This week's Wire episode seemed to show a dichotomy in the skills of the writers. The story line on the drug dealers gets more compelling -- although gets less screen time -- while the story lines on the three other fronts, the mayor, the newspaper, and the police, gets less so.
McNulty moves forward with his nutcase plan to create a fictional serial killer and manages to get Lester on board. What seems silly about this plan is that they are trying to get resources for an investigation into murders of black people, but I'm going to be cynical and say that the problem here is that McNulty is targeting white homeless men. This hardly seems the demographic that will launch a full-scale investigation. McNulty, meanwhile, is back to his reprehensible self: drinking too much, and caught by fellow police in a compromising position with a woman in a parking lot. I definitely missed the lecherous McNulty last season, but they seem to have gone too far in the other direction.
On the newspaper front, the management has announced the next round of buyouts. Among them is a character, Roger Twigg, that is surely a representation of David Simon -- an on-the-ball reporter who knows his stuff and promises to move on to write "the next great American novel." Meanwhile, the young ambitious reporter, Scott, is clearly depicted as a fabricator. He manufactures quotes to contribute to Twigg's story. Alma, the only female reporter with a name, sees her reporting on a triple murder bumped from the front page due to the "shrinking news hole." The mayor's office leaks a story to Gus to feel out the prospects of bumping Ervin Burrell for Cedric Daniels. Gus -- the only black reporter depicted -- is safe in this round of buyouts.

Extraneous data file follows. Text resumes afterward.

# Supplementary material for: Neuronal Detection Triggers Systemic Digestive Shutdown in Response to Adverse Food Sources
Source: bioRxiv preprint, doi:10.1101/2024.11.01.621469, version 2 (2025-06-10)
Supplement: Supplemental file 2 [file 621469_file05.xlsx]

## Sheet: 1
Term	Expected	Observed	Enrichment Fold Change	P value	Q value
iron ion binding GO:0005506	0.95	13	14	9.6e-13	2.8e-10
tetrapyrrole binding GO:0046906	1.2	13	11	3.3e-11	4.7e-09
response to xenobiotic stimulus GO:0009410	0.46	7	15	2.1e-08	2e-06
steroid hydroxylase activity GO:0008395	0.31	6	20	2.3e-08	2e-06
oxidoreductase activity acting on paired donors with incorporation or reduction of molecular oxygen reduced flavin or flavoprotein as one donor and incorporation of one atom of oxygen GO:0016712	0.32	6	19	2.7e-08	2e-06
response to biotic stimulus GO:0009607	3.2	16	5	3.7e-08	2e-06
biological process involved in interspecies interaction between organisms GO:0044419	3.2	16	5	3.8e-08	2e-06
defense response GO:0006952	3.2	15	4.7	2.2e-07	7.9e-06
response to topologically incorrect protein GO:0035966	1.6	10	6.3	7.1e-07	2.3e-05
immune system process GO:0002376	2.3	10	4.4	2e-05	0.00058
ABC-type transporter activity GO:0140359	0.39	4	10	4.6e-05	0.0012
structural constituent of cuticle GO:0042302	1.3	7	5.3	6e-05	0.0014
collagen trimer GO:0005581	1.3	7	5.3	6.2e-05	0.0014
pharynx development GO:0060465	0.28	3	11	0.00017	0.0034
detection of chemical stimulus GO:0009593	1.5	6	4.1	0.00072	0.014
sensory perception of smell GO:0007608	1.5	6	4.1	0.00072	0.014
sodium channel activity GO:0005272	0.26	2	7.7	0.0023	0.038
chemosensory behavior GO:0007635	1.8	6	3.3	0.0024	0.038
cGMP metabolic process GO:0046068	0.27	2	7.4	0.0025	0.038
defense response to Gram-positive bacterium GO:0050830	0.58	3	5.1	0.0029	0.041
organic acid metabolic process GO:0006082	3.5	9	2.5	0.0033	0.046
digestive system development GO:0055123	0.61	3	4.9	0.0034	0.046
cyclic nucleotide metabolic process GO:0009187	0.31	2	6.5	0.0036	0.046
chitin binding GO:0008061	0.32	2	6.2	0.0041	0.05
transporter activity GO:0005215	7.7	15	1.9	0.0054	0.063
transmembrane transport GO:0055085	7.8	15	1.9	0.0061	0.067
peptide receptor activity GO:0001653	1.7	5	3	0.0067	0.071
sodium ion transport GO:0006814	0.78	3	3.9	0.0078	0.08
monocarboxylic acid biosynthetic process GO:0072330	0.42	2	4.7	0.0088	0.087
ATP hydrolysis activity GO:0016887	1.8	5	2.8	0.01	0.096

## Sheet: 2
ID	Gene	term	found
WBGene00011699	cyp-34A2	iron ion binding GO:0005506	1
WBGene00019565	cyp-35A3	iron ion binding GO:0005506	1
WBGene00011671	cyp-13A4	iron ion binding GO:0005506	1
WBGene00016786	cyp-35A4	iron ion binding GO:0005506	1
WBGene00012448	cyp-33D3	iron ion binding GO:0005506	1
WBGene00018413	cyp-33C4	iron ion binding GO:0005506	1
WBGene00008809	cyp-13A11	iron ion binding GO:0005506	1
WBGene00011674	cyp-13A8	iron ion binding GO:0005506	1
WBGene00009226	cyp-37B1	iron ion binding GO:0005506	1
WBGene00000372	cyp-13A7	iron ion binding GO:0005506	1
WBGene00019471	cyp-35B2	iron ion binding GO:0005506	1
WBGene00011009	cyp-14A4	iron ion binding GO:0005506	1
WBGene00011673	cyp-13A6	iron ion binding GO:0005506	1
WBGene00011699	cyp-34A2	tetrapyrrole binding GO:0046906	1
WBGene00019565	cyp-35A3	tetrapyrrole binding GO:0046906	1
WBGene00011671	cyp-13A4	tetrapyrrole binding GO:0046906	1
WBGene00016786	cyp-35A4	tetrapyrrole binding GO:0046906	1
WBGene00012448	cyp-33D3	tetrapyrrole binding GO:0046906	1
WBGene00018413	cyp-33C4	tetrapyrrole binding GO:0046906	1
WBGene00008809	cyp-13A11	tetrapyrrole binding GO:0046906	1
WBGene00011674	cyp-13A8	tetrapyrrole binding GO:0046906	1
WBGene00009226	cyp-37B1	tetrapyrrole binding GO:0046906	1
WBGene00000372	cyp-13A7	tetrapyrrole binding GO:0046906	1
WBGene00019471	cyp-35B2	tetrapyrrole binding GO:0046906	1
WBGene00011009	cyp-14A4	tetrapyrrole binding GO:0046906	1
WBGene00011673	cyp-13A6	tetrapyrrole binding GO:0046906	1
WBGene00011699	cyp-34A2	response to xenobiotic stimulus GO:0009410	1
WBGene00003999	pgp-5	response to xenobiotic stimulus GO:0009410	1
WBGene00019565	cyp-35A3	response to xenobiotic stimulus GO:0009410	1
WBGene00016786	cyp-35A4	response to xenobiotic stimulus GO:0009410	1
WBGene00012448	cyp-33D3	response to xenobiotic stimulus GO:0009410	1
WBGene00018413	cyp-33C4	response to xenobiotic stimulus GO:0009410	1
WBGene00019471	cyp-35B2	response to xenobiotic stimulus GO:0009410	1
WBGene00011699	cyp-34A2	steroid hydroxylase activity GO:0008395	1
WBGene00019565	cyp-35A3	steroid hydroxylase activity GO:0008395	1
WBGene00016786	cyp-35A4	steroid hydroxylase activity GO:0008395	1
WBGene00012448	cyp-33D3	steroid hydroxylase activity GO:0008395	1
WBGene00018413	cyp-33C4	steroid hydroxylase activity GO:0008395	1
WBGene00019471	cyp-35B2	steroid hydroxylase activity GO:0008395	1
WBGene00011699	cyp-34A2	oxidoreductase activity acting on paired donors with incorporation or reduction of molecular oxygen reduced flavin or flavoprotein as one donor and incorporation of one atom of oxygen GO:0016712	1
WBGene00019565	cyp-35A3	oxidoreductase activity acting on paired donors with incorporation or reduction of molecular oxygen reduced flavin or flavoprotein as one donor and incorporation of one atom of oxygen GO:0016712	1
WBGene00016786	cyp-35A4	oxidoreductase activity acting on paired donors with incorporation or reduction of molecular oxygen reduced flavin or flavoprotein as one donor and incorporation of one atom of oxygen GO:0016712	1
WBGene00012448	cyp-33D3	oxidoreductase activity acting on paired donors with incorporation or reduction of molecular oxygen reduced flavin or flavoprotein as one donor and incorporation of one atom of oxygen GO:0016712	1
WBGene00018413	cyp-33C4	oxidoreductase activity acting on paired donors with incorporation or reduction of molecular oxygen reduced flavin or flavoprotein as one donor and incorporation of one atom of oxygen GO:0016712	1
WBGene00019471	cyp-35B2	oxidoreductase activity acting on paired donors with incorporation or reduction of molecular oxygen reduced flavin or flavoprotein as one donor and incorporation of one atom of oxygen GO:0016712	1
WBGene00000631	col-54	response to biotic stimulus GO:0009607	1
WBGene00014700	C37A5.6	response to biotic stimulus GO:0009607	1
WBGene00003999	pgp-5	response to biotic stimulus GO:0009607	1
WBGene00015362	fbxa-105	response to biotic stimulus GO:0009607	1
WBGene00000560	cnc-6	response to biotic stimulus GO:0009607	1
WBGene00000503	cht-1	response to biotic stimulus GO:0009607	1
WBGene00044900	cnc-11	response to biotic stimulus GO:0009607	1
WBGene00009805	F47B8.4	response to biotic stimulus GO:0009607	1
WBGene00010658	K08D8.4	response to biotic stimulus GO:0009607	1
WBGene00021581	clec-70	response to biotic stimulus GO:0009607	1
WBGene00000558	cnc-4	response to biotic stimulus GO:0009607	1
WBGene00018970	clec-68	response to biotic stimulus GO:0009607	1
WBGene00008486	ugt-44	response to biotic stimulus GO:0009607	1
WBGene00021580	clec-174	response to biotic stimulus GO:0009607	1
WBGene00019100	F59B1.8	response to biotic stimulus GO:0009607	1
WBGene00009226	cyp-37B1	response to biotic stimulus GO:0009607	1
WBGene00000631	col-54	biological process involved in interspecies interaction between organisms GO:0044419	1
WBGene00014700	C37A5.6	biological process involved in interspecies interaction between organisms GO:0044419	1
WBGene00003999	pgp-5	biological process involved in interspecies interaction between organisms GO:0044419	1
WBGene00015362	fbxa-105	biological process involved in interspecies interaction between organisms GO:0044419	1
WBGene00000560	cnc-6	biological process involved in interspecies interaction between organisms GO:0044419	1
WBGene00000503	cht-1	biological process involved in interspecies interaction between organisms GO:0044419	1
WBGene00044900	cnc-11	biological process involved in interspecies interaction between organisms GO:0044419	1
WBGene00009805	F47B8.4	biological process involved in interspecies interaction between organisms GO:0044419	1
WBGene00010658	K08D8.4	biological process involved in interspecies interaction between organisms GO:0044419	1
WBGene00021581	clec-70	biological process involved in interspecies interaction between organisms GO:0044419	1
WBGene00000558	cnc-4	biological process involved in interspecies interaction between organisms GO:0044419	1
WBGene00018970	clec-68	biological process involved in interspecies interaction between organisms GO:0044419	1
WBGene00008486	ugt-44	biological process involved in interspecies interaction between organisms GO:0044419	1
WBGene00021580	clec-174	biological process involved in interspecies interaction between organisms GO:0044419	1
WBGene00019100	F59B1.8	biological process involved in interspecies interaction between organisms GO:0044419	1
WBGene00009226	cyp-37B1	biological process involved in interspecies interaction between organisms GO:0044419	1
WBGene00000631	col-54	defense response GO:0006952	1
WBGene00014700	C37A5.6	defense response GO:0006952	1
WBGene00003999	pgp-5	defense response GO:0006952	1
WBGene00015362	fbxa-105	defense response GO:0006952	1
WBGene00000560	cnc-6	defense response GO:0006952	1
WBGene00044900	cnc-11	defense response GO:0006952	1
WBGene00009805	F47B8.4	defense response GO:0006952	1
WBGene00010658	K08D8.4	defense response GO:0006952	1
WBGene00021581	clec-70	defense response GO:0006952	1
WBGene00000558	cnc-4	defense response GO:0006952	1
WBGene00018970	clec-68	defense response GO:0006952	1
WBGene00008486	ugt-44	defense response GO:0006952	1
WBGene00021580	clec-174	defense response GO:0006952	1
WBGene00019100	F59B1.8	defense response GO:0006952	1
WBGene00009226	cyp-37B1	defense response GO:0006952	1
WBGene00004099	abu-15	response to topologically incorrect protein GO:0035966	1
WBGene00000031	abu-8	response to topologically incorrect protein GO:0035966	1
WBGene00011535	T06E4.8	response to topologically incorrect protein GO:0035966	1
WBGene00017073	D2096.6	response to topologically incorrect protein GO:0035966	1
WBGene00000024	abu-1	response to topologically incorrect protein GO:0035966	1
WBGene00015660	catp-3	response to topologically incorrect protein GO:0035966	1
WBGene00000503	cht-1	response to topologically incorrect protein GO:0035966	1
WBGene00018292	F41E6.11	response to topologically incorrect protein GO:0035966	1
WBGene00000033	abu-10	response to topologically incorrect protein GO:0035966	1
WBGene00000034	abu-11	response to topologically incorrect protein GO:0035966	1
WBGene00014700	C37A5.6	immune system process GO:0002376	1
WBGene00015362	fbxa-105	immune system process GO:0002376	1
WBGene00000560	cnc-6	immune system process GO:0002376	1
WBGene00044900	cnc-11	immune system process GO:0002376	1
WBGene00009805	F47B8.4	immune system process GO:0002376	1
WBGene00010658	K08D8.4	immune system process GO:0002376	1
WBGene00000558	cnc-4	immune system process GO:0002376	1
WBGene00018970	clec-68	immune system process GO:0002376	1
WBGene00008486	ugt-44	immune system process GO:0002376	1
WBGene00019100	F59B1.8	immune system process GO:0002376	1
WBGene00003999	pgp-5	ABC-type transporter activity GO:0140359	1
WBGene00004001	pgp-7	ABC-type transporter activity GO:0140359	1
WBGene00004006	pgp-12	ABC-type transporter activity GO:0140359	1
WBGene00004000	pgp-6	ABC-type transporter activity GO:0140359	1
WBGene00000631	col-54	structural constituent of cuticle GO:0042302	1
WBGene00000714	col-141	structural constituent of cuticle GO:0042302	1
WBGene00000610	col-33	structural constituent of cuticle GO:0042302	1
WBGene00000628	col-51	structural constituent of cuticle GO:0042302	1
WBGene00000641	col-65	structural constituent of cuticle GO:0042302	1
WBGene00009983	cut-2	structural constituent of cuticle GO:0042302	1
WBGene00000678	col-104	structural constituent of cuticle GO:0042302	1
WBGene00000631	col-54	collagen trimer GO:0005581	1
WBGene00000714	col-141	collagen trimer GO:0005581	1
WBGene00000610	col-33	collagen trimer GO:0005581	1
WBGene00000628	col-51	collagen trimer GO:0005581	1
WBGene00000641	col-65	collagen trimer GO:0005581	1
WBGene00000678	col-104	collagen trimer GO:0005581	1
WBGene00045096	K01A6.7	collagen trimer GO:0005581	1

Meanwhile, Marlo is inching his way to becoming more powerful, courting the Russians to become a direct buyer so he can shut out Prop Joe. Thankfully, they've brought Omar back into the storyline by having Snoop and Chris dish out some retribution. The next episode promises to have Omar play a more prominent role. Michael is struggling with the desire to just be a kid, spending the day at an amusement park with his little brother and Dukie, and his life on the street. Bubbles didn't even make an appearance in this episode
The story lines on the newspaper end seem pretty simplistic, but I'd like to see more of what's going on in the street. Part of the problem is there are so many plots and subplots going on it's impossible to give enough time to everything. We'll see if the drug dealers and addicts get more time in the next episode.
Cross-posted at campusprogress.org/blog.